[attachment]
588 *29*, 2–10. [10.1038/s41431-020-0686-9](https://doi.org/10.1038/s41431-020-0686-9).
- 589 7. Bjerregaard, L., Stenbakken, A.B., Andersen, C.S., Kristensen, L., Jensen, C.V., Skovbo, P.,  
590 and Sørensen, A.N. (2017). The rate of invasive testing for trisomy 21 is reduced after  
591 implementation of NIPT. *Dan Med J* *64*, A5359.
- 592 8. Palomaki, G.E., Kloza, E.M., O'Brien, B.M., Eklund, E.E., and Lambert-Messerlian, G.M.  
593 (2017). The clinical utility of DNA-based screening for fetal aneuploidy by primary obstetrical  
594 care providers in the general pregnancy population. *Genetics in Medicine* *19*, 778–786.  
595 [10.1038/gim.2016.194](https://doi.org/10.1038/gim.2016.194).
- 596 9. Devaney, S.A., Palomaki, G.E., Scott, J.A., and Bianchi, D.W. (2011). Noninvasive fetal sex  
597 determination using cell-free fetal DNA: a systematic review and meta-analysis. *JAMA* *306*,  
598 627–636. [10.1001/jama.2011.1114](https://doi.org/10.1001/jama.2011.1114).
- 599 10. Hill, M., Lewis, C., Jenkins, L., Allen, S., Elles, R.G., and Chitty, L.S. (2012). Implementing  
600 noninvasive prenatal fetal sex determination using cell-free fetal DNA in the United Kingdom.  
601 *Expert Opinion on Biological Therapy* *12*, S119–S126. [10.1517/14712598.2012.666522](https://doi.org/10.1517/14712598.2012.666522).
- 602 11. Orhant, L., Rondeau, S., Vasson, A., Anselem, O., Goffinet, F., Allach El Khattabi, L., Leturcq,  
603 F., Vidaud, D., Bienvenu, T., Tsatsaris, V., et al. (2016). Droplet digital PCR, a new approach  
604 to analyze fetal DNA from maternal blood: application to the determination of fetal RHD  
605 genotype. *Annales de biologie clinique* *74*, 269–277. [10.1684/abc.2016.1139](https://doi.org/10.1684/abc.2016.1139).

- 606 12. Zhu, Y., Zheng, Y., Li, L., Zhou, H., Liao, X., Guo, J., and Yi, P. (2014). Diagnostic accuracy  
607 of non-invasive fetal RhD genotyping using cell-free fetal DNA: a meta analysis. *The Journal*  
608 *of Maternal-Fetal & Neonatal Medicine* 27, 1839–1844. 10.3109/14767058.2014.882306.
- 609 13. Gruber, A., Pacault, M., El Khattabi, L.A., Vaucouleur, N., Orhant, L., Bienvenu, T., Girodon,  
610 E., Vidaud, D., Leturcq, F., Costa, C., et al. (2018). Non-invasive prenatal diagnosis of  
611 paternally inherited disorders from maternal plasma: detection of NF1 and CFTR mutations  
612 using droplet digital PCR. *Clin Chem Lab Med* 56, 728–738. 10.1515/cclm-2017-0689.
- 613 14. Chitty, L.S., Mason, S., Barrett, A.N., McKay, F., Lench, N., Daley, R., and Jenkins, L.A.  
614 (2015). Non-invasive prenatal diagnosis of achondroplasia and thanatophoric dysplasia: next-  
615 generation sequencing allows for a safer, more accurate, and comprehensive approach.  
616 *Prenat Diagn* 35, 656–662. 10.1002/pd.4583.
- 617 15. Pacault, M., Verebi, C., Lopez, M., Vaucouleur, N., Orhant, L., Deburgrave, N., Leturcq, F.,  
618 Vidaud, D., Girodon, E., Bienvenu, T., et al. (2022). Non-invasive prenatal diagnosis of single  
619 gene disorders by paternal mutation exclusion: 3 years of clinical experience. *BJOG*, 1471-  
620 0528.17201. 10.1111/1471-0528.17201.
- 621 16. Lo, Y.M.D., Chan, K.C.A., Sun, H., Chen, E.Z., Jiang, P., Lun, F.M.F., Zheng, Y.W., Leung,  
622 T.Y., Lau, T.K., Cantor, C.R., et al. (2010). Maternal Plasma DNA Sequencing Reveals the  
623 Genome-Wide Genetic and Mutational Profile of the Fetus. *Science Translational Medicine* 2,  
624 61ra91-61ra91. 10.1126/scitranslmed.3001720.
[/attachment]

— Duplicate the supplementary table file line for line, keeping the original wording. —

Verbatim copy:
588 *29*, 2–10. [10.1038/s41431-020-0686-9](https://doi.org/10.1038/s41431-020-0686-9).
- 589 7. Bjerregaard, L., Stenbakken, A.B., Andersen, C.S., Kristensen, L., Jensen, C.V., Skovbo, P.,  
590 and Sørensen, A.N. (2017). The rate of invasive testing for trisomy 21 is reduced after  
591 implementation of NIPT. *Dan Med J* *64*, A5359.
- 592 8. Palomaki, G.E., Kloza, E.M., O'Brien, B.M., Eklund, E.E., and Lambert-Messerlian, G.M.  
593 (2017). The clinical utility of DNA-based screening for fetal aneuploidy by primary obstetrical  
594 care providers in the general pregnancy population. *Genetics in Medicine* *19*, 778–786.  
595 [10.1038/gim.2016.194](https://doi.org/10.1038/gim.2016.194).
- 596 9. Devaney, S.A., Palomaki, G.E., Scott, J.A., and Bianchi, D.W. (2011). Noninvasive fetal sex  
597 determination using cell-free fetal DNA: a systematic review and meta-analysis. *JAMA* *306*,  
598 627–636. [10.1001/jama.2011.1114](https://doi.org/10.1001/jama.2011.1114).
- 599 10. Hill, M., Lewis, C., Jenkins, L., Allen, S., Elles, R.G., and Chitty, L.S. (2012). Implementing  
600 noninvasive prenatal fetal sex determination using cell-free fetal DNA in the United Kingdom.  
601 *Expert Opinion on Biological Therapy* *12*, S119–S126. [10.1517/14712598.2012.666522](https://doi.org/10.1517/14712598.2012.666522).
- 602 11. Orhant, L., Rondeau, S., Vasson, A., Anselem, O., Goffinet, F., Allach El Khattabi, L., Leturcq,  
603 F., Vidaud, D., Bienvenu, T., Tsatsaris, V., et al. (2016). Droplet digital PCR, a new approach  
604 to analyze fetal DNA from maternal blood: application to the determination of fetal RHD  
605 genotype. *Annales de biologie clinique* *74*, 269–277. [10.1684/abc.2016.1139](https://doi.org/10.1684/abc.2016.1139).

- 606 12. Zhu, Y., Zheng, Y., Li, L., Zhou, H., Liao, X., Guo, J., and Yi, P. (2014). Diagnostic accuracy  
607 of non-invasive fetal RhD genotyping using cell-free fetal DNA: a meta analysis. *The Journal*  
608 *of Maternal-Fetal & Neonatal Medicine* 27, 1839–1844. 10.3109/14767058.2014.882306.
- 609 13. Gruber, A., Pacault, M., El Khattabi, L.A., Vaucouleur, N., Orhant, L., Bienvenu, T., Girodon,  
610 E., Vidaud, D., Leturcq, F., Costa, C., et al. (2018). Non-invasive prenatal diagnosis of  
611 paternally inherited disorders from maternal plasma: detection of NF1 and CFTR mutations  
612 using droplet digital PCR. *Clin Chem Lab Med* 56, 728–738. 10.1515/cclm-2017-0689.
- 613 14. Chitty, L.S., Mason, S., Barrett, A.N., McKay, F., Lench, N., Daley, R., and Jenkins, L.A.  
614 (2015). Non-invasive prenatal diagnosis of achondroplasia and thanatophoric dysplasia: next-  
615 generation sequencing allows for a safer, more accurate, and comprehensive approach.  
616 *Prenat Diagn* 35, 656–662. 10.1002/pd.4583.
- 617 15. Pacault, M., Verebi, C., Lopez, M., Vaucouleur, N., Orhant, L., Deburgrave, N., Leturcq, F.,  
618 Vidaud, D., Girodon, E., Bienvenu, T., et al. (2022). Non-invasive prenatal diagnosis of single  
619 gene disorders by paternal mutation exclusion: 3 years of clinical experience. *BJOG*, 1471-  
620 0528.17201. 10.1111/1471-0528.17201.
- 621 16. Lo, Y.M.D., Chan, K.C.A., Sun, H., Chen, E.Z., Jiang, P., Lun, F.M.F., Zheng, Y.W., Leung,  
622 T.Y., Lau, T.K., Cantor, C.R., et al. (2010). Maternal Plasma DNA Sequencing Reveals the  
623 Genome-Wide Genetic and Mutational Profile of the Fetus. *Science Translational Medicine* 2,  
624 61ra91-61ra91. 10.1126/scitranslmed.3001720.